The Best You’ve Never Played is a retrospective review series on ‘hidden gems’ – games that did not receive the level of recognition that they deserved. Perhaps they were part of a niche genre, or had too many flaws to attract a significant audience – nonetheless they are quality games that deserve your attention (to varying degrees).
Clash of Heroes is a unique puzzle game. There are no ‘gems’ to speak of, for instance. Instead, the match-3 game play is fueled by creatures from your inventory, such as bears, dragons, archers, fairies, knights, etc. You can recruit up to three different kinds of normal units and two ‘special’ ones with unique perks. The types of monsters drastically vary depending on what campaign, and thus, what character, you are playing. Each chapter takes on a different “point-of-view” main character, thus adopting different perspectives on the narrative.
The game takes the form of a versus match-3 RPG with a linear narrative. Each encounter consists of you and an opponent matching units in order to send them towards your opponent’s edge of the screen, reducing their health points.
Matching three units vertically readies them for attack; a turn timer over their head counts down until they are unleashed. The length of the turn timer varies based on the unit type that was matched. An archer unit can fire for a weak attack the turn after they are matched, whereas a knight unit has to wait three turns, but their attack is more substantial.
Matching three units horizontally transforms them into a small line of protective barriers. They can no longer attack after such a transformation, but they’ll offer up more resistance to oncoming attacks in their lane.
The special “hero” units are stronger than the basic units and feature some kind of special perk. During the first campaign, you’ll be matching a lot of woodland creatures, including the Stag hero unit, which can jump over the first enemy barrier it encounters. Hero units only require two other basic units in order to be matched and readied for attack, and while their attacks are very powerful, several turns are required until they execute.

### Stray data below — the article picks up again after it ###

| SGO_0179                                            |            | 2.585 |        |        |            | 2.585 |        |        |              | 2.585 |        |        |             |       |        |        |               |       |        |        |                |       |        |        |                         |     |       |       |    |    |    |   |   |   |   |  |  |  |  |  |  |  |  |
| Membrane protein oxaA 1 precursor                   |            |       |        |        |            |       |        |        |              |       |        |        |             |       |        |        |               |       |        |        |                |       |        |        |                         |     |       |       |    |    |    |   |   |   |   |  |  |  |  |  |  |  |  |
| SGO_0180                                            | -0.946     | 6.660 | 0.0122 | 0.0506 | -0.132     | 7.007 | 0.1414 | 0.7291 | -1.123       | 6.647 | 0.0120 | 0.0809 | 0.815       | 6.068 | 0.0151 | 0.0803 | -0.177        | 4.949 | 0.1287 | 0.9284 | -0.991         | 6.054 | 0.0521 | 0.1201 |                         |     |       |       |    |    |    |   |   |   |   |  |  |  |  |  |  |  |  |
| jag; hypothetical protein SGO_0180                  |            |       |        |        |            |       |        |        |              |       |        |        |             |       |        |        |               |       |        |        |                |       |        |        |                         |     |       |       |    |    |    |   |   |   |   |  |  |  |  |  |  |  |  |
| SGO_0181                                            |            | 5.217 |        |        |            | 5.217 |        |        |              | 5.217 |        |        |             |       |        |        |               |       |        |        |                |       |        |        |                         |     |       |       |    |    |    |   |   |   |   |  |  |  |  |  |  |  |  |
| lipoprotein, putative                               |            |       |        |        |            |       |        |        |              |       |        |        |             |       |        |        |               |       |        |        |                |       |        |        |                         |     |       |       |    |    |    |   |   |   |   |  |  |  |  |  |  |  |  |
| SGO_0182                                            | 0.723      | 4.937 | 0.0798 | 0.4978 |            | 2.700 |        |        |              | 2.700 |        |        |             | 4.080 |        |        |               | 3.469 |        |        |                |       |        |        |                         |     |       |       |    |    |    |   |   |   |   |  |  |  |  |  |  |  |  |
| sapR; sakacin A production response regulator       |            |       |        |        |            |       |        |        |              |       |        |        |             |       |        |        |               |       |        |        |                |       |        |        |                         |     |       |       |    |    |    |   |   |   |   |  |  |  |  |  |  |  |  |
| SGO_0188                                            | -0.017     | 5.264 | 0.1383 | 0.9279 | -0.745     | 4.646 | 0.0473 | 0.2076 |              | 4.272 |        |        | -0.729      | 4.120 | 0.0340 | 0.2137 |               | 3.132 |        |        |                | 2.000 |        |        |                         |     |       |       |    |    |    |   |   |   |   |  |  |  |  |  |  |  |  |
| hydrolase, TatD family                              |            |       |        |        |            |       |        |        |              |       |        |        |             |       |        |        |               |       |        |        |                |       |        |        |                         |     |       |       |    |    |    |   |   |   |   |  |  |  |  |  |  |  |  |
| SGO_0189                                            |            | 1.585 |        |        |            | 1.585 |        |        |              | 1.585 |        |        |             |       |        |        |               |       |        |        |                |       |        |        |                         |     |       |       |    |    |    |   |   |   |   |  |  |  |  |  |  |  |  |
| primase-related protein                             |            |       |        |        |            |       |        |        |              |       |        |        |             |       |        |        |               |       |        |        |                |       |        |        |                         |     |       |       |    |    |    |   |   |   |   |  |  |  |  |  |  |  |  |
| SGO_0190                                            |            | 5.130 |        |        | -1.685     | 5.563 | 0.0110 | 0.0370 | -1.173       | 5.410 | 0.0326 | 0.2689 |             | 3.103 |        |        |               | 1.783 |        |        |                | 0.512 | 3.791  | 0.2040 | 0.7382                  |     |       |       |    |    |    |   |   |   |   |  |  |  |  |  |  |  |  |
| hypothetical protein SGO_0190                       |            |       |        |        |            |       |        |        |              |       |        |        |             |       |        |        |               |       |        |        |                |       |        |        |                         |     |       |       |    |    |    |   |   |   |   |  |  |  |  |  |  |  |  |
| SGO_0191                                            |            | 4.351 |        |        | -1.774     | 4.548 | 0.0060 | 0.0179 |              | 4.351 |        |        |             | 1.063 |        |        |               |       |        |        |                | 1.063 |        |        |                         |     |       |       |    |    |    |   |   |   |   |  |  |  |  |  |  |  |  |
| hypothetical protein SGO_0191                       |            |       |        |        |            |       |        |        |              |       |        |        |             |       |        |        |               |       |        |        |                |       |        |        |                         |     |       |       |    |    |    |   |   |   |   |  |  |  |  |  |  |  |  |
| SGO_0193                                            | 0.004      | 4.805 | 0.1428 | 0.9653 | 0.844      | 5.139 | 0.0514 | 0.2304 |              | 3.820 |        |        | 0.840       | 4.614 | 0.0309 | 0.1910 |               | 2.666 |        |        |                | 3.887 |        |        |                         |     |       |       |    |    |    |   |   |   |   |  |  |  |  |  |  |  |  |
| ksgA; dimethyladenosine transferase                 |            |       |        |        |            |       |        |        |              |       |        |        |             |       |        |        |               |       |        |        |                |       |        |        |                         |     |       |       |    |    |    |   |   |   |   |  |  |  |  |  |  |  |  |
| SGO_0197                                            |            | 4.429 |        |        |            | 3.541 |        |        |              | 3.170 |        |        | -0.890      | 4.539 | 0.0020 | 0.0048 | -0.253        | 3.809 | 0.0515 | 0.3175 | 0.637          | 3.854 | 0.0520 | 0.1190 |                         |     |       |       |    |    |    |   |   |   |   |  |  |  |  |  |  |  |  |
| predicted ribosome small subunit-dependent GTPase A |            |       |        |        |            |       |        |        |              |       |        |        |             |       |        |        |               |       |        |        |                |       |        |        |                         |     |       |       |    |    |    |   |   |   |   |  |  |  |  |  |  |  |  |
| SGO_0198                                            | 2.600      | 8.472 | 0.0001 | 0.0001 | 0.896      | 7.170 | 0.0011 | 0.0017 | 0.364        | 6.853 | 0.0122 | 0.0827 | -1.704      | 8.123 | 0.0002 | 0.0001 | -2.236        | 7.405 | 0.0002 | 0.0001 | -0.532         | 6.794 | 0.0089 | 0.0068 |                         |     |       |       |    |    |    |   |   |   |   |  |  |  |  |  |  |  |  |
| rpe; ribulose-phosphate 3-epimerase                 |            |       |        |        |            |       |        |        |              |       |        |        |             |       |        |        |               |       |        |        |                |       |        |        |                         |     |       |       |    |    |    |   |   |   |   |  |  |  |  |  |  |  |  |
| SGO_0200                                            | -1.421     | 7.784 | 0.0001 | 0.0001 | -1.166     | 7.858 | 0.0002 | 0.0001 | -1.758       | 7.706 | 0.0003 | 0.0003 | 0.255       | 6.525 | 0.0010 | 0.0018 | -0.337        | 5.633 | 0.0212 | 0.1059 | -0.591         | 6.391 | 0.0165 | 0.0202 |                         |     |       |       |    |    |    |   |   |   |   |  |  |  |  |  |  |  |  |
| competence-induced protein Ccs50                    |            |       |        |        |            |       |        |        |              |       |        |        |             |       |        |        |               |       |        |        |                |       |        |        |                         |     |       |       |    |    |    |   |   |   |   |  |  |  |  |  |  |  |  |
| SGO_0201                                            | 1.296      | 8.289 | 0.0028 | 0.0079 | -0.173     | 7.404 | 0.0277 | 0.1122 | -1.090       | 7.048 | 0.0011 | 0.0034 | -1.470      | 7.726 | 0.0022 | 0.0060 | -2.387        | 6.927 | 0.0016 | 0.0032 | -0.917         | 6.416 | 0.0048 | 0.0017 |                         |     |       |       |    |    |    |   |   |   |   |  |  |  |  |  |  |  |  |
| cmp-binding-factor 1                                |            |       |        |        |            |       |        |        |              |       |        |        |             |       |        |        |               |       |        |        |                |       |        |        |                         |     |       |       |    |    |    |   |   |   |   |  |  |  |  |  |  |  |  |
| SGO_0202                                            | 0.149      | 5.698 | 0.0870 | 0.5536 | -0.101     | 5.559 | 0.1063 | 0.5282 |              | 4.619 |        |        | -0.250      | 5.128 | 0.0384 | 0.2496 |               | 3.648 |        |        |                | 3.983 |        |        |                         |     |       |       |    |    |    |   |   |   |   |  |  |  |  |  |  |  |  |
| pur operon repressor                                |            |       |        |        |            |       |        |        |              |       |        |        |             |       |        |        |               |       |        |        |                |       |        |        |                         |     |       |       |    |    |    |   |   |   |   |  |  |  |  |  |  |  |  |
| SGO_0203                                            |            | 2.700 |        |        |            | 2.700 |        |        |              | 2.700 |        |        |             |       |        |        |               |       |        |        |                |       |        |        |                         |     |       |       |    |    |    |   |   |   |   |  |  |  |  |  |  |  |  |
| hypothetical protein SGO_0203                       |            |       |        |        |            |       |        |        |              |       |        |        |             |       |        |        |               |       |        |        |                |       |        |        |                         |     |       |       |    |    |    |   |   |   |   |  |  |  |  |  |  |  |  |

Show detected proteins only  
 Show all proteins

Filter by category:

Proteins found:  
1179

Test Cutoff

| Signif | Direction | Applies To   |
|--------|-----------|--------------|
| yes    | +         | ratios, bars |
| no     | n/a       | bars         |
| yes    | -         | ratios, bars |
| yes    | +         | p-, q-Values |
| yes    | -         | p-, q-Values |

Each encounter is an ebb-and-flow of readying attacks, defending against attacks, losing units in the process, and then calling more units onto the field as reinforcements. But in order to win, your attacking units have to make it past defending enemy units in it’s lane and make it to the opponent’s edge of the screen, lowering their health points. Responding to your opponent’s readied attacks with your own attacks or barriers in the same lane will provide some protection and hopefully prevent the opponent’s units from reaching your edge of the screen. I like to think about it as fighting unit-power with unit-power. Hoping your meat-shield of a lane is durable enough to withstand their expendables. Every opponent has varying levels of health, and the difficulty ramps up as you continue the game.
There is also a special ability mechanic, which is pretty standard – sometimes I truly forget it’s even there. The player-character unique to each campaign has a unique ability that charges up after a certain amount of turns. These vary in function and usefulness, and can be both offensive and defensive.
These versus encounters are broken up with straight-ahead puzzle encounters. The goal might be to destroy the opponent in one turn, or hit certain obstacles on the playing field in a certain order. These puzzles advance the story at times and also provide the player with cash, which is used to replenish your stock of consumable hero units.
The presentation is quite nice – it’s what to be expected from the Nintendo standard, even from a third-party handheld title. The music and sound design is up to snuff, featuring decent fantasy style chamber music not unlike Taverns of Azeroth, but not at the same level of quality. The character design is defined by bold lines and bright, sharp colors, taking on a very cartoonish look that will appeal to a wide range of ages.